For, it’s also part of his hubris, that he thinks he’s too cunning for the dumber enemies.
And, as would be natural, the more risks he takes, the more he succeeds, the bigger risks he’ll be more inclined to take in the future, always believing, somehow, he’ll win over his opponents, no matter how insane the risk, or how big the stakes.
His favourite maxim:
“Fools fall for tricks. Then fools fall.”
Eve: In book three – no major spoilers! – Othrun is Lord and King. Finally, he got what he wanted – what he considers to be rightfully his. A kingdom to rule over, people whose fates are in his hands, a beautiful wife Aliaz who impersonates everything he wants to see in a woman, and a future full of glorious victories. But instead of basking in glory, new obstacles befall him. Besides, he starts contemplating philosophical issues. He realises that it’s important to be a good person, not only a powerful ruler.
I believe it isn’t the end of Othrun’s moral transformation. Am I right?
P.L.: Glathan, one of the series truly noble, and wisest characters, and Othrun’s right hand, prophetically warns Othrun near the end of The Last of the Atalanteans, that a coronation day – the party celebrating being crowned – is often the best day of a king’s reign, and that the reign itself can be fraught with trouble, even despair.
Because Glathan is smart enough to know that Othrun, for all his skill and talent, even if he becomes the best king who ever lived, will be hard pressed to navigate the almost impossible moral and political situations every ruler must face. Because being a good person and being a good ruler can be diametrically opposed concepts, by necessity, at times.
Can one be a good CEO and a good person, always, consistently, conjointly? What’s your moral, ethical, responsibility, and how is that compatible with your primary duty as being accountable to shareholders, whose main goal is profit maximization for return on their investment?
Do you have a duty to protect the environment – and more importantly – WILL YOU protect the environment, for example, even if your most lucrative products can harm it? Will you fire a struggling employee who performed so well and done so much for the company in the past but whose performance is now impacting your bottom line negatively? Is loyalty to them more important?
How does one make such decisions, while maintaining your grip on power, and heeding your conscience at the same time? Can it be done?
Similar, but far more complex than a CEO position in many ways, Othrun as a king with almost absolute power, finds out how powerless one can find oneself, when faced with the pervasive dilemmas that challenge effective rule. In order to properly face such challenges, he must simultaneously confront his own prejudices, insecurities, values, that affect his decisions.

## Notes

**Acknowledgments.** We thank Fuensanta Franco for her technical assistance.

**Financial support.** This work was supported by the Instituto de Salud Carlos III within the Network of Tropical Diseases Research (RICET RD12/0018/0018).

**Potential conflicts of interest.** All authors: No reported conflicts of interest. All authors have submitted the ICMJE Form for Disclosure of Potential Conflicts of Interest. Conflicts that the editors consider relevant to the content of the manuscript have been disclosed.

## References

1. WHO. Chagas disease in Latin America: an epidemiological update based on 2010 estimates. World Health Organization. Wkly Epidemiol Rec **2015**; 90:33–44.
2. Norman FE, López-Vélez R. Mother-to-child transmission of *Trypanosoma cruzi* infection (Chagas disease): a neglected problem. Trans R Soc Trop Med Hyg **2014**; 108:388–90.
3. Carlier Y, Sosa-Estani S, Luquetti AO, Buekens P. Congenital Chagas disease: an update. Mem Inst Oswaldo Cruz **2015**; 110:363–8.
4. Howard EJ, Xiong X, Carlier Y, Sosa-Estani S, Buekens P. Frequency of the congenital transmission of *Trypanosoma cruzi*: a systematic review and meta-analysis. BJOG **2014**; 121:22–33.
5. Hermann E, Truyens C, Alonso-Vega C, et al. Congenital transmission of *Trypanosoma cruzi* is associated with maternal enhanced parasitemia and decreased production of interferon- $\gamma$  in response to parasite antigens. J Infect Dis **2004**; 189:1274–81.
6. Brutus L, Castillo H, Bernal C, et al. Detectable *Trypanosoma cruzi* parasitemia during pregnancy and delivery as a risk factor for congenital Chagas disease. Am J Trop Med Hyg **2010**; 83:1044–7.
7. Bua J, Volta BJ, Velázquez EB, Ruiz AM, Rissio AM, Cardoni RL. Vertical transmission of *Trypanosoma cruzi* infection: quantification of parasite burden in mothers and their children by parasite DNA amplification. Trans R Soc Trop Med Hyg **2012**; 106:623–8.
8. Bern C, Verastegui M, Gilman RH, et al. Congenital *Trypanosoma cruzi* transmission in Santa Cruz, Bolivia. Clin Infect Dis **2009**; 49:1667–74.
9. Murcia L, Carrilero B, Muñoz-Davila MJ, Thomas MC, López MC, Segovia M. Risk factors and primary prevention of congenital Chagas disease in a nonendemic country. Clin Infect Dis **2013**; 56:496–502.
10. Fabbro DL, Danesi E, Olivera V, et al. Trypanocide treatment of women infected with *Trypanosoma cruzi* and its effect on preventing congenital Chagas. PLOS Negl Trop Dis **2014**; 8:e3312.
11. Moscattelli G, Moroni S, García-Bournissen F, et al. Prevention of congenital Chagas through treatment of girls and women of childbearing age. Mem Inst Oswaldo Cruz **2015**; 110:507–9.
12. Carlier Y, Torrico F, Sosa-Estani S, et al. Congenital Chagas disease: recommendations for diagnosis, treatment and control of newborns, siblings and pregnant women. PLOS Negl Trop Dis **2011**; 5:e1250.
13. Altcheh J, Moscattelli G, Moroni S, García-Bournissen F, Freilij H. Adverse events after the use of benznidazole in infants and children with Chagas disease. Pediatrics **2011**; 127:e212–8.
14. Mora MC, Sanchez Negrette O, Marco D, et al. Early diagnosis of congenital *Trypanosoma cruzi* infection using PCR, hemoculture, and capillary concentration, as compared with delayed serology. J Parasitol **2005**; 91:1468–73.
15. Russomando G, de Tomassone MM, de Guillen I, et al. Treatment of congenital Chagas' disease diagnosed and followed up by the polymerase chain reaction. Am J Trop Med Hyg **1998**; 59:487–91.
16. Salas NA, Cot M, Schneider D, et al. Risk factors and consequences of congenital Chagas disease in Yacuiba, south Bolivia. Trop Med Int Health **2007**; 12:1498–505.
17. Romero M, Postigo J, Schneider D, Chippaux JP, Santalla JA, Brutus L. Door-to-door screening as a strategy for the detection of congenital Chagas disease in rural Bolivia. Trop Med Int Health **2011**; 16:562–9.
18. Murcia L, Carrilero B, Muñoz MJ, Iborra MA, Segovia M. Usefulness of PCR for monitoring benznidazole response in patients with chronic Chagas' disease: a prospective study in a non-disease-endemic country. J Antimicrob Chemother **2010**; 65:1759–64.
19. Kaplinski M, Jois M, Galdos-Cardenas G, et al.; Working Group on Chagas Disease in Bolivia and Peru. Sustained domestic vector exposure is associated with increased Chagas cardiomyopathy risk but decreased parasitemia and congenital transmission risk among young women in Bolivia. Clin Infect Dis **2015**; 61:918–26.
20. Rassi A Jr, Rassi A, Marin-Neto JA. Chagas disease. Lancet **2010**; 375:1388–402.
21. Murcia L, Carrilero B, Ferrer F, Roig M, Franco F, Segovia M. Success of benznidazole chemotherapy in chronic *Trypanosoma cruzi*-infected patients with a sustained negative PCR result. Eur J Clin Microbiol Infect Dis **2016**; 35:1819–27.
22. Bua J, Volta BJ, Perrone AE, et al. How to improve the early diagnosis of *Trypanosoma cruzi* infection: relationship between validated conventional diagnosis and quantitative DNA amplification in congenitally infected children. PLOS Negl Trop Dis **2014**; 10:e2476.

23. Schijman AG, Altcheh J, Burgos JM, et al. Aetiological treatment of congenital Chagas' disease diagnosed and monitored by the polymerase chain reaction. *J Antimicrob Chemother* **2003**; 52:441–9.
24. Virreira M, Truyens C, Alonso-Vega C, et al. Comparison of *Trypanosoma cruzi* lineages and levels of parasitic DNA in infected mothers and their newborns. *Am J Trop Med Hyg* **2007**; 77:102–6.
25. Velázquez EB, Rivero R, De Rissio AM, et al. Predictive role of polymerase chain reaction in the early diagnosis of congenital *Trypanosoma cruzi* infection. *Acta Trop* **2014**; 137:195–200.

This is an ongoing process. So you are correct Eve, in that Othrun’s moral transformation will continue as long as he lives, and such a transformation will be directly impacted by his new role as King of Eastrealm.
Glathan knows Othrun better than anyone else (other than perhaps Lysi, who can read Othrun’s past) and he knows Othrun’s strengths and flaws. The Second Prince of Eastrealm also knows that his king MUST evolve, grow, change.
Or else Eastrealm will perish, along with its ruler, weighed down under the burden of clinging to old values, prejudice, lack of foresight and objectivity, and cause the entire continent to rise up against the kingdom, and surely destroy it. If the kingdom does not destroy itself from within, first.
Eve: I like the analogy with the modern corporate environment and CEO’s role. This is one of my favourite topics. Despite all the profound changes we as mankind have experienced over the last couple of hundred years, the essence of the world order still remains the same. But maybe we’ll leave this discussion to some other time.
In book three of the saga, you introduce an amazing female character to the readers. Undala, Queen of the Southronland. We’ve learnt a little about her in previous books, but in “Lord and King” we finally meet her. And I must say, I was absolutely mesmerised by her. There is such depth in her. She is strong and vulnerable at the same time. Tell us more about where have you drawn inspiration for your Anib queen.
The Drowned Kingdom Saga when completed will consist of seven books. Without major spoilers, give us a few hints about what we can expect in book four.
P.L.: Undala, and her sister Briduku, are directly inspired by my two lovely daughters. Those two characters in Lord and King are an amalgam of some of the best traits of my female children, who are strong, fierce, intelligent, compassionate, human beings, with wisdom beyond their years.
Undala, and her people, the Anib, from the little that is seen of them in Lord and King, appear to be all that Othrun has heard about, and so much more. She is an incredibly capable ruler, who rules over the world’s largest empire, yet she’s relatively young. She’s an indomitable warrior, yet a fabulous statesperson.